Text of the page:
Academic Minute Podcast
Eric Jackson, Northern Kentucky University – A History of Black History
The field of Black Studies has a lot more to teach us.
Dr. Eric Jackson, professor of history and associate dean of the College of Arts & Sciences, Northern Kentucky University. He earned his doctorate at the University of Cincinnati (Ed.D., History, 199), and he has taught history for 32 years. The former director of the Black Studies program at NKU, he has published reviews and articles in a number of journals, including the Journal of African American History, the Journal of Negro Education, the International Journal on World Peace, and the Journal of Pan African Studies. He is coauthor of Cincinnati’s Underground Railroad and Unique Challenges in Urban Schools: The Involvement of African American Parents.
A History of Black History
Lemuel Haynes was born on July 18, 1753, to an African father and a Scottish mother. He began life as an enslaved person of color in Hartford, Connecticut. When he was five months old, he was indentured to Deacon David Rose of Granville, Massachusetts, a Congregational minister.
Lemuel was taught to read and write and also imbued with religious fervor. His intention was to join the clergy, but that goal was put on hold by his participation in the American Revolution.
Beginning in the 1950s, scholars devoted to telling a more complete version of American history began to unearth – and tell – the stories of people like Lemuel Hayne. By doing so, they changed how American history is researched, written about, taught, and understood.
In our more recent times, the Black Lives Matter movement and the emergence of critical race theory have brought new light to this category of scholarship. My research and writing connects this more contemporary interest to work that originated nearly 70 years ago, when the field of Black studies first emerged.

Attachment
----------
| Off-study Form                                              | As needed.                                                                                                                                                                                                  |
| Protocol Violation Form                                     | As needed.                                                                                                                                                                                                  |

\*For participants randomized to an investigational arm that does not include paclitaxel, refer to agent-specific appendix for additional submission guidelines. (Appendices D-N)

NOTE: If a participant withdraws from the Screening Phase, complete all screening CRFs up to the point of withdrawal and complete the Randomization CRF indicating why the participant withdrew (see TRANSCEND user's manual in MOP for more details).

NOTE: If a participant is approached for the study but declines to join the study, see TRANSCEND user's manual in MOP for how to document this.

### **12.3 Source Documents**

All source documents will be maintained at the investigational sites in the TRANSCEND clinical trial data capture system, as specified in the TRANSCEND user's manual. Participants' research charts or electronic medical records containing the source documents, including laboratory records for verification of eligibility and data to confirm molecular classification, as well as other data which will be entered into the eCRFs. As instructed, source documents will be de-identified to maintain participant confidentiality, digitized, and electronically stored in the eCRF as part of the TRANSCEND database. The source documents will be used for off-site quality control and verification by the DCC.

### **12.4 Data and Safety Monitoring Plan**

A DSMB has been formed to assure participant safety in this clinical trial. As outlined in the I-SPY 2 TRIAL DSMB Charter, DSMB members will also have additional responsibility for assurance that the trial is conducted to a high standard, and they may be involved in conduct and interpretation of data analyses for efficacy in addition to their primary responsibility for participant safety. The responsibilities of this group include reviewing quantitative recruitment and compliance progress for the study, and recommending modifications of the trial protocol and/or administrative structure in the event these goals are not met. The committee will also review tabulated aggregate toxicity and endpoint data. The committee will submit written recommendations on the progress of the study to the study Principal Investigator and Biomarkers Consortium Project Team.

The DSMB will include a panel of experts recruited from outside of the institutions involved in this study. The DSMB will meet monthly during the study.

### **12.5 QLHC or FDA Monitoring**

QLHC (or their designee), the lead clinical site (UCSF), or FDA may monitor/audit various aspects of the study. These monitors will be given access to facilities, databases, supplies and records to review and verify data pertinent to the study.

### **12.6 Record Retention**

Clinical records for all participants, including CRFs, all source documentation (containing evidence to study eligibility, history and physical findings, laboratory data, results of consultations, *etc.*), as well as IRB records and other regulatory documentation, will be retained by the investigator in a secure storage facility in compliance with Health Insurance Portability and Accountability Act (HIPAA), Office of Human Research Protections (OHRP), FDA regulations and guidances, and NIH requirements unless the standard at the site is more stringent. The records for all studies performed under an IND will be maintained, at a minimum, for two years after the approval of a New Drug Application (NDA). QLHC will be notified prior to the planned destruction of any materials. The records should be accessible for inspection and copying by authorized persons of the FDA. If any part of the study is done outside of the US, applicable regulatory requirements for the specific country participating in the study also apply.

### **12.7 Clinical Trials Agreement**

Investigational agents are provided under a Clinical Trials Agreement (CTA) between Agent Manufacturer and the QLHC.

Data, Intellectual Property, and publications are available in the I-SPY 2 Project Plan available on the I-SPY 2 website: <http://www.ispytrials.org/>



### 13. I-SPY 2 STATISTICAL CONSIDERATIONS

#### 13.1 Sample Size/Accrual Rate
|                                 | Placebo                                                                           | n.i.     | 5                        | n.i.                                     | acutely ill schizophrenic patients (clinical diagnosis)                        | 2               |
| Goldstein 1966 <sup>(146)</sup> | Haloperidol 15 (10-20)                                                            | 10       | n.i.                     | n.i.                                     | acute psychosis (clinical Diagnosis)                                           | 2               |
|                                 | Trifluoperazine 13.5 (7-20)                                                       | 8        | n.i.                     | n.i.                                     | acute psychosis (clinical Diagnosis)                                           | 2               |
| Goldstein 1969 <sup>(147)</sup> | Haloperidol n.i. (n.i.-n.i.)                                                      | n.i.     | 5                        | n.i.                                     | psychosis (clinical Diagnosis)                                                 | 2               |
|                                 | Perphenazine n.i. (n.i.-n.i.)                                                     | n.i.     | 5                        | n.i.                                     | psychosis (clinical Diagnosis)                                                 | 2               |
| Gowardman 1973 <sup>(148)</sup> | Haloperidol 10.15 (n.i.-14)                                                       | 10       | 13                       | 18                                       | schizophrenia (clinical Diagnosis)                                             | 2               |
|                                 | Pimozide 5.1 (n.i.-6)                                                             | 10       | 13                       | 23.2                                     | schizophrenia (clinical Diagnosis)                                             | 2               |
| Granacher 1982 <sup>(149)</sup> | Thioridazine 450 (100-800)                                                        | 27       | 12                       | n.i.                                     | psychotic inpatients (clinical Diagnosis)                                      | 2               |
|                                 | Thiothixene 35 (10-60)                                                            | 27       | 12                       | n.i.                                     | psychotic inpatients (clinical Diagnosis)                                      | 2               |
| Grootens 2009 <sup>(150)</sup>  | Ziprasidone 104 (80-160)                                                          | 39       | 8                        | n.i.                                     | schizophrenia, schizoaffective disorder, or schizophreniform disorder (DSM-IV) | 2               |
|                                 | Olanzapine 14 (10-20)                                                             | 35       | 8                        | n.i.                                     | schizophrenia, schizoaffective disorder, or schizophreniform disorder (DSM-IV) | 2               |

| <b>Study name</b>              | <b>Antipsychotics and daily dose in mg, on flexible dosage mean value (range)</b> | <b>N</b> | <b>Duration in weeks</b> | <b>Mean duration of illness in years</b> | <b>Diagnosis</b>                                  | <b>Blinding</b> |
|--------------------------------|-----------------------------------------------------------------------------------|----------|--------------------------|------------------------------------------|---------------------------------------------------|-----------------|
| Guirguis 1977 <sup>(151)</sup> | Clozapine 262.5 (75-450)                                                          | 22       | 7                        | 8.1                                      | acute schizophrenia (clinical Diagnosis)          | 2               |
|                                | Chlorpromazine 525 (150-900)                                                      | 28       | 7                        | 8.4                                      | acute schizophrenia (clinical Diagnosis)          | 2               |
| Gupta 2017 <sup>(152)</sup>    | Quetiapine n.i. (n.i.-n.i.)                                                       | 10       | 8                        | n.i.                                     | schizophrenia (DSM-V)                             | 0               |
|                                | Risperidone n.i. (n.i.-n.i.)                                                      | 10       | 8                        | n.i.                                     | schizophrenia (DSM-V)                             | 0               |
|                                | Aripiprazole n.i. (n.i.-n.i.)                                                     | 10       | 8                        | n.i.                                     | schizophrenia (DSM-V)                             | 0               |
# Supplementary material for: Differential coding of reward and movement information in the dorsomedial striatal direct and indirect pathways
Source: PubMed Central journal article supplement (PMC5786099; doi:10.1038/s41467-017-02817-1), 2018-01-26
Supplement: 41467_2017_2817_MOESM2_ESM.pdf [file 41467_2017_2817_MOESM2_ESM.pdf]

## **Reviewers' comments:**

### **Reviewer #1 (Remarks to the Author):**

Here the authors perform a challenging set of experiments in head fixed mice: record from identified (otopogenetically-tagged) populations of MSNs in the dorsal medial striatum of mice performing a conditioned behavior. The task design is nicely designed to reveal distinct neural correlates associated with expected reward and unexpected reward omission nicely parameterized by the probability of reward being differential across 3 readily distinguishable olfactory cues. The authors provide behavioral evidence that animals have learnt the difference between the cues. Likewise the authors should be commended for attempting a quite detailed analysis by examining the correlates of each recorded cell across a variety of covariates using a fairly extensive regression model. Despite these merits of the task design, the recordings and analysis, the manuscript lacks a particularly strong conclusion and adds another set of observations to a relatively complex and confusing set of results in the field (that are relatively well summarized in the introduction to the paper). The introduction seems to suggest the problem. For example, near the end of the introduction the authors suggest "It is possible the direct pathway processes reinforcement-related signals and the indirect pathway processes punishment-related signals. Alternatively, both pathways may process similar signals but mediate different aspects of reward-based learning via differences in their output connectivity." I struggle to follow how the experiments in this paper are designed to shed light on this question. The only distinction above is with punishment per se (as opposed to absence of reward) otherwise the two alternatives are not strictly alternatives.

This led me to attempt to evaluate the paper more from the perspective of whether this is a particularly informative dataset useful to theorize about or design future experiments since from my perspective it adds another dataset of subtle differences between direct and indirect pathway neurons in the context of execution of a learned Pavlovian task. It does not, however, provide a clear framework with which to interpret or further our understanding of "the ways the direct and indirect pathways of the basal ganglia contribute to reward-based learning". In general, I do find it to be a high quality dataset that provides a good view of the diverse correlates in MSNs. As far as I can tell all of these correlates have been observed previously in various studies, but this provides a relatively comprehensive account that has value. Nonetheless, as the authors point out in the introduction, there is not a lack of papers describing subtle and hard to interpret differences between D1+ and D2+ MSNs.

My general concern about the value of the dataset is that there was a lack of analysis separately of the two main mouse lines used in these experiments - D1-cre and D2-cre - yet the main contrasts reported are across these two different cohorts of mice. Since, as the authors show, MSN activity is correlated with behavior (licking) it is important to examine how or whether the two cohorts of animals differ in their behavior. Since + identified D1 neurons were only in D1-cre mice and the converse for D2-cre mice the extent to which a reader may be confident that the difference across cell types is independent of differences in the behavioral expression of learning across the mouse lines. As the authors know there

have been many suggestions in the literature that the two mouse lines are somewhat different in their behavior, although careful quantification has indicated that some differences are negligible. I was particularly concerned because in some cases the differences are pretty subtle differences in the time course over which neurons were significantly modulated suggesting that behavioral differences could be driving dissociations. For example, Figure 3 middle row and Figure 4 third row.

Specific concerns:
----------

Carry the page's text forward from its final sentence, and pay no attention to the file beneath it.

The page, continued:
The field itself is part of the story as scholars whose personal histories reflected the struggle of Black people in America, elevated the larger story.
Nathan Irvin Huggins earned a doctorate in history from Harvard but, because so few institutions considered African American history a legitimate field, he first had to establish himself as a historian pure and simple. He taught several other colleges before returning to Harvard in 1980. By then, he had established himself in a field he helped to create and define: Black studies.
Just as other scholars of Black history have unearthed the stories of people like Lemuel Haynes and woven them into the overall story of America, my research seeks to tell the story of how scholars like Dr. Huggins, and their published scholarship, have contributed to American historical scholarship.
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